Human Exceptionalism

Suing For the Right to Assisted Suicide in Montana

I’ve known this was coming for a long time–a lawsuit in Montana demanding a state constitutional right to assisted suicide. In fact, I predicted it back in 2000 when I wrote in the Weekly Standard:

James H. Armstrong, M.D. v. The State of Montana should have been merely a skirmish in the never-ending national struggle over abortion. Instead, relying on the reasoning of certain experts in the moral choices surrounding health care, the Montana Supreme Court issued in October 1999 a sweeping decision that could make huge changes in the way Montanans live and the way they die…

At issue in the Montana case was a state law requiring that doctors (as opposed to physician-assistants) perform all abortions. This the court unanimously overturned; but it didn’t stop there. Writing for a 6-2 majority, Justice James C. Nelson went on to impose a radical philosophical imperative on the people of Montana, unwarranted by the facts of the case and unnecessary to its prudent adjudication. Indeed, Nelson’s audacious opinion will be grist for litigation in Montana for many years to come. Its essential holding is this: The Montana Constitution broadly guarantees each individual the right to make medical judgments affecting her or his bodily integrity and health in partnership with a chosen health care provider free from government interference.

As the two justices who objected to the scope of the ruling, Karla M. Gray and Chief Justice J.A. Turnage, warned, the Court’s opinion sweeps so broadly as to encompass and decide such issues as the right to physician-assisted suicide and other important health and medical-related issues which simply were not litigated in this case.Gray and Turnage’s trepidation is abundantly warranted. If the ruling means that virtually anything goes medically in Montana so long as a patient requests it and a health care professional is willing to provide it, then patients can ask doctors to kill them for organ-donation purposes, parents or guardians can secure the killing of disabled infants, and people can volunteer to be experimented on in dangerous ways that are currently illegal, all this as a result not of a considered decision by the people of Montana but of a little-noticed ruling by the state supreme court.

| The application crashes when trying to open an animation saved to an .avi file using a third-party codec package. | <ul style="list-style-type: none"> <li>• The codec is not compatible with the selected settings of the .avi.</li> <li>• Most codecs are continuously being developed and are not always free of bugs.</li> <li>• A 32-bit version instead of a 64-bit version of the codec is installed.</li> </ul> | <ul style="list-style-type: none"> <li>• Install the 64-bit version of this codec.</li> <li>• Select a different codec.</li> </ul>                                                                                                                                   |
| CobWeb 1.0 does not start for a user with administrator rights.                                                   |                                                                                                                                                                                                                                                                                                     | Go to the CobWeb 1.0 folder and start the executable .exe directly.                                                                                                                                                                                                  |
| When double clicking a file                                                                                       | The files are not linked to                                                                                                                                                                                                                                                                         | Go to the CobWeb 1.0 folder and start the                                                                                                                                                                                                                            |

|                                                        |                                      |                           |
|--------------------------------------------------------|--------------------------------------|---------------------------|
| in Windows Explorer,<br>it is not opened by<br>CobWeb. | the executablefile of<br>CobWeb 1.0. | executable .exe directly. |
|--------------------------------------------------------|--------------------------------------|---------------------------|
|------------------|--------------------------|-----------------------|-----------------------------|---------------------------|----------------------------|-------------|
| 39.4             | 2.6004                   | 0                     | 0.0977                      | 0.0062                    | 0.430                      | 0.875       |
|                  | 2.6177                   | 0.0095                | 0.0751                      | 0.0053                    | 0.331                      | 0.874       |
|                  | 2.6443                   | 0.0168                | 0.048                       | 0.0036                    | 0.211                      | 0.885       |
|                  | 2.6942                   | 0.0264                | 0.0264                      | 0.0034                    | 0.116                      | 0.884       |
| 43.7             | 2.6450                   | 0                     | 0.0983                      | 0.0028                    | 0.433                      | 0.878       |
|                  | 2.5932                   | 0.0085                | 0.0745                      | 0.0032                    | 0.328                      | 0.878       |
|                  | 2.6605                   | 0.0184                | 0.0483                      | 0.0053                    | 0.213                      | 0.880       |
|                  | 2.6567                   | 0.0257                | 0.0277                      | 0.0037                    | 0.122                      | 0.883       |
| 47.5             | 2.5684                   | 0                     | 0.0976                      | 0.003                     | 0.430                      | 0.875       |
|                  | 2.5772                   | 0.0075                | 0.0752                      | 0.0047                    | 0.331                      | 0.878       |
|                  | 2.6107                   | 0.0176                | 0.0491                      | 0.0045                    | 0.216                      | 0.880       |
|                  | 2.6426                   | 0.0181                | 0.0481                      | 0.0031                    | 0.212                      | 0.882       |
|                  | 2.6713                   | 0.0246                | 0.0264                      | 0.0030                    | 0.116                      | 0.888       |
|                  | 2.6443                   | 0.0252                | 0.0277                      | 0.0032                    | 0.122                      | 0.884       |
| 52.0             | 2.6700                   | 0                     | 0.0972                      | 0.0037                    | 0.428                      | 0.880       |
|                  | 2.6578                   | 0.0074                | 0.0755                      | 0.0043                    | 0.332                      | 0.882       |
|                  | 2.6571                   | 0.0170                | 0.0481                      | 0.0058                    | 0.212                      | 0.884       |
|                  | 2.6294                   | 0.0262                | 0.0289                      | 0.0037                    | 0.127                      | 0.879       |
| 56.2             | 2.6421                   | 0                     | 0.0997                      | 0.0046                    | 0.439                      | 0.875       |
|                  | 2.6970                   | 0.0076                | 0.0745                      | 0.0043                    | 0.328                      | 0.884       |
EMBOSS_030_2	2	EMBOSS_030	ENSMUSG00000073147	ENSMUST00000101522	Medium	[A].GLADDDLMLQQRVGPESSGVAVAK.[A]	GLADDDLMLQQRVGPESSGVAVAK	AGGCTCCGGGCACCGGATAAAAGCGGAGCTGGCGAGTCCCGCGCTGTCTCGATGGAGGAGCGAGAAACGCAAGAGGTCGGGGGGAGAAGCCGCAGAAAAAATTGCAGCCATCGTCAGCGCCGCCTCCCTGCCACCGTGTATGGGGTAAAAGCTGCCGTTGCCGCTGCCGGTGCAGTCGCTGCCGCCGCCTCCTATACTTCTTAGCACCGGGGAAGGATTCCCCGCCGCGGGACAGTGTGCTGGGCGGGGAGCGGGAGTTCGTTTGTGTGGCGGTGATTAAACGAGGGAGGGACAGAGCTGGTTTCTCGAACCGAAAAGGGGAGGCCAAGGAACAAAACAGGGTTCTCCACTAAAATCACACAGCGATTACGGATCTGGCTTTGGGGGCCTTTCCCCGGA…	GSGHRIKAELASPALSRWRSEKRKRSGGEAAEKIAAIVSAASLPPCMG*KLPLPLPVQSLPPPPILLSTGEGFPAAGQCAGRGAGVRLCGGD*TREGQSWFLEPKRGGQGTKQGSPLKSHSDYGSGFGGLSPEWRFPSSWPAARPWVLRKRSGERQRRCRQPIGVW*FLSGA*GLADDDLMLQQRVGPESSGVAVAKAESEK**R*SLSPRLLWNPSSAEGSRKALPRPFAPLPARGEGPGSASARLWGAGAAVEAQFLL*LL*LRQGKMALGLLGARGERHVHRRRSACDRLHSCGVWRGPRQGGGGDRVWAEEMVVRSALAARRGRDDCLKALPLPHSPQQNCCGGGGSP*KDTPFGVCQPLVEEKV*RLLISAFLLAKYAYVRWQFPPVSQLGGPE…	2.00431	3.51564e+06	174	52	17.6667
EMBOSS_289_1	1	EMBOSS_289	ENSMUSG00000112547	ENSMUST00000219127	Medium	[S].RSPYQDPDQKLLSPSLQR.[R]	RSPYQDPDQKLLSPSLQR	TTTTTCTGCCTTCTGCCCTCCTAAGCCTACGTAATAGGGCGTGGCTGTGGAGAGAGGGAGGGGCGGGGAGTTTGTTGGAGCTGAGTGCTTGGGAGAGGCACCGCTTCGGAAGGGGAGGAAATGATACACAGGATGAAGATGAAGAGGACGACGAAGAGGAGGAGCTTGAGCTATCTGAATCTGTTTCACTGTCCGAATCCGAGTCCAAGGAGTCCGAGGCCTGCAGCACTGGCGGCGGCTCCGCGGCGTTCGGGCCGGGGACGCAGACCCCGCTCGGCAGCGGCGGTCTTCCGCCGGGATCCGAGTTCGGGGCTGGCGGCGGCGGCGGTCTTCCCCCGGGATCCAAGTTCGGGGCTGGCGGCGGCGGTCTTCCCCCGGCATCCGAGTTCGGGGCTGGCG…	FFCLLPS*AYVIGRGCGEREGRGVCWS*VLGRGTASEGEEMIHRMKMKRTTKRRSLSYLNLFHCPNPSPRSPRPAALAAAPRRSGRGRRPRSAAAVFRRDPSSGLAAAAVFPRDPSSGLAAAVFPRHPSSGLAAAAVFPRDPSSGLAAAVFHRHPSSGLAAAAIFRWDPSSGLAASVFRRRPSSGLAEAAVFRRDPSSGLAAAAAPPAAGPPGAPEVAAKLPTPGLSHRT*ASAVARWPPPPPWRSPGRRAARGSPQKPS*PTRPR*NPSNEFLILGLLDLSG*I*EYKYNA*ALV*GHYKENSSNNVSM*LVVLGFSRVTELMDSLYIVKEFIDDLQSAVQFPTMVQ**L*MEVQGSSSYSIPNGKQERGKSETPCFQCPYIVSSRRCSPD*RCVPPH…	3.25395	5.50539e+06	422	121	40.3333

And now the long-awaited shoe has finally dropped.

According to the AP report, the plaintiffs are being assisted by a “patient advocacy group,” e.g., the assisted suicide promoting organization Compassion and Choices, formerly the Hemlock Society. These are the folk that yell loudly about leaving the “will of the people” alone in Oregon, but have never hesitated to subvert the will of the people against assisted suicide in the courts– first in the U.S. Supreme Court (failed 9-0), and in later state litigation lost in Florida and Alaska.

As I noted in my piece, the issue of assisted suicide was never argued in the Armstrong case and much of the ludicrously broad brush strokes in the majority opinion could be legitimately dismissed by the current courts as dicta, meaning the expression of judges’ opinions but not binding since the parameters of acceptable action by medical practitioners was never at issue in the Armstrong litigation.

It should be hard for a court to throw out a law passed by the legislature of the kind that has never been found in any court in any litigation to be unconstitutional. Still, the case is certainly no sure thing–either way. But I do know it is likely to be a legal fight to the finish that could eventually grab the attention of the entire world.

Yes, I will be involved, if asked.


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